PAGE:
By Anna Haug
A smart shopper knows the value of a purchase as well as its price.
A lot is written about ways to save money and cut down on costs. Sometimes that can mean paying more to buy goods and services. In the long run, you might be better off paying more money at the outset, especially for items that you expect to use many times or over a long period of time.
For example, a family member wanted a pickup truck. He found an older model with low mileage and was happy with the low price tag.
Within a few months he had replaced several belts, the brakes, and the engine. In a few more months the truck needed four new tires. He calculated that, in the first six months, he'd spent more than twice what he paid for the truck. It hadn't been a bargain at all.
Part of deciding how much to pay for something is thinking about what kind of performance you need from the thing you're buying.
For example, when it comes to buying clothing for special occasions like a quinceañera or a wedding, you may be better off renting since you are likely only to wear the outfit or dress one time.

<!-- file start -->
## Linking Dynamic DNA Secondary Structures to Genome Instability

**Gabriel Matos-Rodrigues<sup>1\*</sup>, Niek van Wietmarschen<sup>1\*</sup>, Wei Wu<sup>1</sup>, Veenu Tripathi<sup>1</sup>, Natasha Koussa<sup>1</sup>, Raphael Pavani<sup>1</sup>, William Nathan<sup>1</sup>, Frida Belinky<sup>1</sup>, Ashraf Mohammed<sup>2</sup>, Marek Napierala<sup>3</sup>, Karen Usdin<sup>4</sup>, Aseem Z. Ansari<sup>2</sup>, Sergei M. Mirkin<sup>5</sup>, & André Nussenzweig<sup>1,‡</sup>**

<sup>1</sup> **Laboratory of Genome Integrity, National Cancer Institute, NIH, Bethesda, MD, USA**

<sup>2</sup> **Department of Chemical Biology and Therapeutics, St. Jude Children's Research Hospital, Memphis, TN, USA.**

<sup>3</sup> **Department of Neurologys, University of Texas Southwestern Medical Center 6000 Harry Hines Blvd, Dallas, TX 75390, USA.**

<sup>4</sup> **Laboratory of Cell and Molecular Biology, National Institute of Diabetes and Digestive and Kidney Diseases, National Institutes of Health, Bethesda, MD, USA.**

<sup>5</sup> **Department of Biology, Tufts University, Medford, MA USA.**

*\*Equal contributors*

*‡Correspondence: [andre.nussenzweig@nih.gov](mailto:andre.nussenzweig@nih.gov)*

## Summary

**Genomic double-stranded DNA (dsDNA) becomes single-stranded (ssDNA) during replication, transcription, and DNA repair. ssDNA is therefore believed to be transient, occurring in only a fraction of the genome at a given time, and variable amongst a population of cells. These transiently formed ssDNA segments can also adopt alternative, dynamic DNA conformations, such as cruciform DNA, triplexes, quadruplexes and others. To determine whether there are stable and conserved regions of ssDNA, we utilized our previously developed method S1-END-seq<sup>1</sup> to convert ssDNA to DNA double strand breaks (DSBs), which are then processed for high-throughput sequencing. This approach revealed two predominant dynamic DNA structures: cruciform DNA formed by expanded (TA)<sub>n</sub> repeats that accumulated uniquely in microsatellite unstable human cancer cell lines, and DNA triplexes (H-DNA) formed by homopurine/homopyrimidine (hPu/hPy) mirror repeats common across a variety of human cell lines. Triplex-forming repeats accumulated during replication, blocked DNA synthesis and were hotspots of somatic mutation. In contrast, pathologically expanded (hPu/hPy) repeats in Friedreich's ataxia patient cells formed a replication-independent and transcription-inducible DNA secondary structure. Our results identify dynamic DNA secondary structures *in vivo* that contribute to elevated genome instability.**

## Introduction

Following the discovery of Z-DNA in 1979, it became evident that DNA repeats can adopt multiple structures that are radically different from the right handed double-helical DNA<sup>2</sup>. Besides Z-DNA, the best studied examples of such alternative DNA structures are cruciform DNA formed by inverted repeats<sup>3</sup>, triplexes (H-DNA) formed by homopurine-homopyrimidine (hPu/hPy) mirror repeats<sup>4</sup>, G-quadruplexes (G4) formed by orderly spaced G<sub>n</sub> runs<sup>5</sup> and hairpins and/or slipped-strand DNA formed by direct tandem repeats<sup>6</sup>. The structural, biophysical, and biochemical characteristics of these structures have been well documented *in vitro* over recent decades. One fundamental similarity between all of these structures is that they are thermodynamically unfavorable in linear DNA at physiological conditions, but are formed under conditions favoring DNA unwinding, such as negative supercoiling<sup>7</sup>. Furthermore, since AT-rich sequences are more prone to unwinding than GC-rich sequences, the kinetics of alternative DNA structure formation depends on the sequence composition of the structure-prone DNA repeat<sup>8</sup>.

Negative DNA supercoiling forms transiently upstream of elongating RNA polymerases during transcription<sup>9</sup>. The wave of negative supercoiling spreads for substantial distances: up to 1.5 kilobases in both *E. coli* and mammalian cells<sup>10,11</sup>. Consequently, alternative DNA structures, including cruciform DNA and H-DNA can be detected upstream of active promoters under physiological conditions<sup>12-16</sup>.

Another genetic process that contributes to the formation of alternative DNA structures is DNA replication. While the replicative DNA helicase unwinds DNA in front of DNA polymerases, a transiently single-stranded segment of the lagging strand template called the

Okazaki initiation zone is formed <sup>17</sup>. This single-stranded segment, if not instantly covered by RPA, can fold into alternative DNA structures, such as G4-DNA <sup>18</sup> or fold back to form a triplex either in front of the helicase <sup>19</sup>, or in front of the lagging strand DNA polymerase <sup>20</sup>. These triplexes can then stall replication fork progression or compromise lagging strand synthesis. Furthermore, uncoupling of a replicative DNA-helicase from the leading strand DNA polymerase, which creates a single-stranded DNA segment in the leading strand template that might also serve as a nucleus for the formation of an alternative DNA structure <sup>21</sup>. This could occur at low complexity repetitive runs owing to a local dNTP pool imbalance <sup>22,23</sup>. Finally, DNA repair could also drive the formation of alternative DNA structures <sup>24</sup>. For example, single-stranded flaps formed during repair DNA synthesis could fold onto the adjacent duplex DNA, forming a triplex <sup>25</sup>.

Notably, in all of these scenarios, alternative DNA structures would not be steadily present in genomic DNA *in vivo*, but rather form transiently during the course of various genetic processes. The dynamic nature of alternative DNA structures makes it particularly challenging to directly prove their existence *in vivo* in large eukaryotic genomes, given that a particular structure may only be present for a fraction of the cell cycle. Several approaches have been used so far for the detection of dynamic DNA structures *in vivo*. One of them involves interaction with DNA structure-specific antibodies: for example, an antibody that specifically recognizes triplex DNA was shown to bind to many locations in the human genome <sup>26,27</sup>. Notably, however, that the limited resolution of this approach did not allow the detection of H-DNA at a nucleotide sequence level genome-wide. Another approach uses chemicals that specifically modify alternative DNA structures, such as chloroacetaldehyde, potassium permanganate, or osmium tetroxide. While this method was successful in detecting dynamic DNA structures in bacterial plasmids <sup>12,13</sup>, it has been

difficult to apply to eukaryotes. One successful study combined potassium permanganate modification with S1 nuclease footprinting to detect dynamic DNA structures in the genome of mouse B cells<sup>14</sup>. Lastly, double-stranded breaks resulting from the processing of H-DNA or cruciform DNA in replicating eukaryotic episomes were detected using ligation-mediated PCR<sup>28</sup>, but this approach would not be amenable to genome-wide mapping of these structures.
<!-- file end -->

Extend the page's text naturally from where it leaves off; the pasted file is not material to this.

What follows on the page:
So calculate the "cost for each wear" or "cost for each use" when you confront a buying decision. Examine quality, cost, and anticipated use to understand the true price.
Some shoppers assume that paying more money assures quality, but that can be a mistake as well. Some drivers, for example, insist that their cars perform better with premium gas even though the manufacturer recommends regular fuel. If you choose premium you're literally burning money-and no one can afford to do that at today's gas prices.
The people at your credit union make sure you always receive top value at a fair price for your financial needs. They bring you this website and other tools to help you make the most of your financial resources. Visit your credit union to learn more about how to get value at a fair price.